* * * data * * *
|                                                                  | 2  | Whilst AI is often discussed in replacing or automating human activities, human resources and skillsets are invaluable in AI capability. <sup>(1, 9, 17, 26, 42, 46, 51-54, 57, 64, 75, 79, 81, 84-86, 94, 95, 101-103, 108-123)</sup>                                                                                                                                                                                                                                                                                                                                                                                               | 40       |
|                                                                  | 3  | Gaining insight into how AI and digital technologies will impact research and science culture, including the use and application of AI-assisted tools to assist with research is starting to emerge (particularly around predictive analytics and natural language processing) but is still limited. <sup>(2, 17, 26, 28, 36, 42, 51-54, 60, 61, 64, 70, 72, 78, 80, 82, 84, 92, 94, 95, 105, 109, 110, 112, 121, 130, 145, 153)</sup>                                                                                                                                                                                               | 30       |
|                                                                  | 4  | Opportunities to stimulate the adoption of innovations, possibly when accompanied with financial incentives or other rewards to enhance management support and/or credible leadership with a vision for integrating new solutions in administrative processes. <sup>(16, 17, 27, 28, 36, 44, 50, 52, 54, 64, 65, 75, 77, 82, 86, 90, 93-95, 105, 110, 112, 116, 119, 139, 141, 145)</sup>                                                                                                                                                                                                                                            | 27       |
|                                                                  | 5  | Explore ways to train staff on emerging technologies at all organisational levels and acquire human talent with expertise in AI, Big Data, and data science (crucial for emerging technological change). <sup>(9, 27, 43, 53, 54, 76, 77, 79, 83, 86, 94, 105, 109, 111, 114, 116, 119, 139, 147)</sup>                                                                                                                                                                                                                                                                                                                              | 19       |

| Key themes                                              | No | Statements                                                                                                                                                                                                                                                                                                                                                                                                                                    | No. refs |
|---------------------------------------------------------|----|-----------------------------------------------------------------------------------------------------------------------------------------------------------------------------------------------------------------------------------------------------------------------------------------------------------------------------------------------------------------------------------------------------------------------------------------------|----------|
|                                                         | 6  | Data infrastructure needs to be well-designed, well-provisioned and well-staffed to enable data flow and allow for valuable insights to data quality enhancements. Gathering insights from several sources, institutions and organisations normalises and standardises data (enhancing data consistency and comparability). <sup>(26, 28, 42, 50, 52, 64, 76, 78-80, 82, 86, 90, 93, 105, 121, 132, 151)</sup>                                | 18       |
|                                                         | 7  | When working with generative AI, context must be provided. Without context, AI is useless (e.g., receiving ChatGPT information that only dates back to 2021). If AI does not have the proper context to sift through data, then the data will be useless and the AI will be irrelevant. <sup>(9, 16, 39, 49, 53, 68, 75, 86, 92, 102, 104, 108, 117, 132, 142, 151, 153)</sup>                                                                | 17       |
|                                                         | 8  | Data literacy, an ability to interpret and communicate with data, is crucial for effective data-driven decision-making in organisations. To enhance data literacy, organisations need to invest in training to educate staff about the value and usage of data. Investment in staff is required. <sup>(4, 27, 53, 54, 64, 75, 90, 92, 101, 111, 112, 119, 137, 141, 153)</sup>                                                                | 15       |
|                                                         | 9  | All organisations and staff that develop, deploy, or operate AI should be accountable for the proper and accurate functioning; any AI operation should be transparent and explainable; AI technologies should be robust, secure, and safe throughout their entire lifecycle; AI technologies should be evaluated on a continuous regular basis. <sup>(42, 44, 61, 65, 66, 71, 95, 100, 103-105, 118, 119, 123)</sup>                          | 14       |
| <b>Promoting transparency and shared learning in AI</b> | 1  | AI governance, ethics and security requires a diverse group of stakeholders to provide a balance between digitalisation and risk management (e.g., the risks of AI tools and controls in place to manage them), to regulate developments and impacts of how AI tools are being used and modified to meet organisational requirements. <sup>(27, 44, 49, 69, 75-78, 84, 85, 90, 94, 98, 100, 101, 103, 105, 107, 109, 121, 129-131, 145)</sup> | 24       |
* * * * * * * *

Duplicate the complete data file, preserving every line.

|                                                                  | 2  | Whilst AI is often discussed in replacing or automating human activities, human resources and skillsets are invaluable in AI capability. <sup>(1, 9, 17, 26, 42, 46, 51-54, 57, 64, 75, 79, 81, 84-86, 94, 95, 101-103, 108-123)</sup>                                                                                                                                                                                                                                                                                                                                                                                               | 40       |
|                                                                  | 3  | Gaining insight into how AI and digital technologies will impact research and science culture, including the use and application of AI-assisted tools to assist with research is starting to emerge (particularly around predictive analytics and natural language processing) but is still limited. <sup>(2, 17, 26, 28, 36, 42, 51-54, 60, 61, 64, 70, 72, 78, 80, 82, 84, 92, 94, 95, 105, 109, 110, 112, 121, 130, 145, 153)</sup>                                                                                                                                                                                               | 30       |
|                                                                  | 4  | Opportunities to stimulate the adoption of innovations, possibly when accompanied with financial incentives or other rewards to enhance management support and/or credible leadership with a vision for integrating new solutions in administrative processes. <sup>(16, 17, 27, 28, 36, 44, 50, 52, 54, 64, 65, 75, 77, 82, 86, 90, 93-95, 105, 110, 112, 116, 119, 139, 141, 145)</sup>                                                                                                                                                                                                                                            | 27       |
|                                                                  | 5  | Explore ways to train staff on emerging technologies at all organisational levels and acquire human talent with expertise in AI, Big Data, and data science (crucial for emerging technological change). <sup>(9, 27, 43, 53, 54, 76, 77, 79, 83, 86, 94, 105, 109, 111, 114, 116, 119, 139, 147)</sup>                                                                                                                                                                                                                                                                                                                              | 19       |

| Key themes                                              | No | Statements                                                                                                                                                                                                                                                                                                                                                                                                                                    | No. refs |
|---------------------------------------------------------|----|-----------------------------------------------------------------------------------------------------------------------------------------------------------------------------------------------------------------------------------------------------------------------------------------------------------------------------------------------------------------------------------------------------------------------------------------------|----------|
|                                                         | 6  | Data infrastructure needs to be well-designed, well-provisioned and well-staffed to enable data flow and allow for valuable insights to data quality enhancements. Gathering insights from several sources, institutions and organisations normalises and standardises data (enhancing data consistency and comparability). <sup>(26, 28, 42, 50, 52, 64, 76, 78-80, 82, 86, 90, 93, 105, 121, 132, 151)</sup>                                | 18       |
|                                                         | 7  | When working with generative AI, context must be provided. Without context, AI is useless (e.g., receiving ChatGPT information that only dates back to 2021). If AI does not have the proper context to sift through data, then the data will be useless and the AI will be irrelevant. <sup>(9, 16, 39, 49, 53, 68, 75, 86, 92, 102, 104, 108, 117, 132, 142, 151, 153)</sup>                                                                | 17       |
|                                                         | 8  | Data literacy, an ability to interpret and communicate with data, is crucial for effective data-driven decision-making in organisations. To enhance data literacy, organisations need to invest in training to educate staff about the value and usage of data. Investment in staff is required. <sup>(4, 27, 53, 54, 64, 75, 90, 92, 101, 111, 112, 119, 137, 141, 153)</sup>                                                                | 15       |
|                                                         | 9  | All organisations and staff that develop, deploy, or operate AI should be accountable for the proper and accurate functioning; any AI operation should be transparent and explainable; AI technologies should be robust, secure, and safe throughout their entire lifecycle; AI technologies should be evaluated on a continuous regular basis. <sup>(42, 44, 61, 65, 66, 71, 95, 100, 103-105, 118, 119, 123)</sup>                          | 14       |
| <b>Promoting transparency and shared learning in AI</b> | 1  | AI governance, ethics and security requires a diverse group of stakeholders to provide a balance between digitalisation and risk management (e.g., the risks of AI tools and controls in place to manage them), to regulate developments and impacts of how AI tools are being used and modified to meet organisational requirements. <sup>(27, 44, 49, 69, 75-78, 84, 85, 90, 94, 98, 100, 101, 103, 105, 107, 109, 121, 129-131, 145)</sup> | 24       |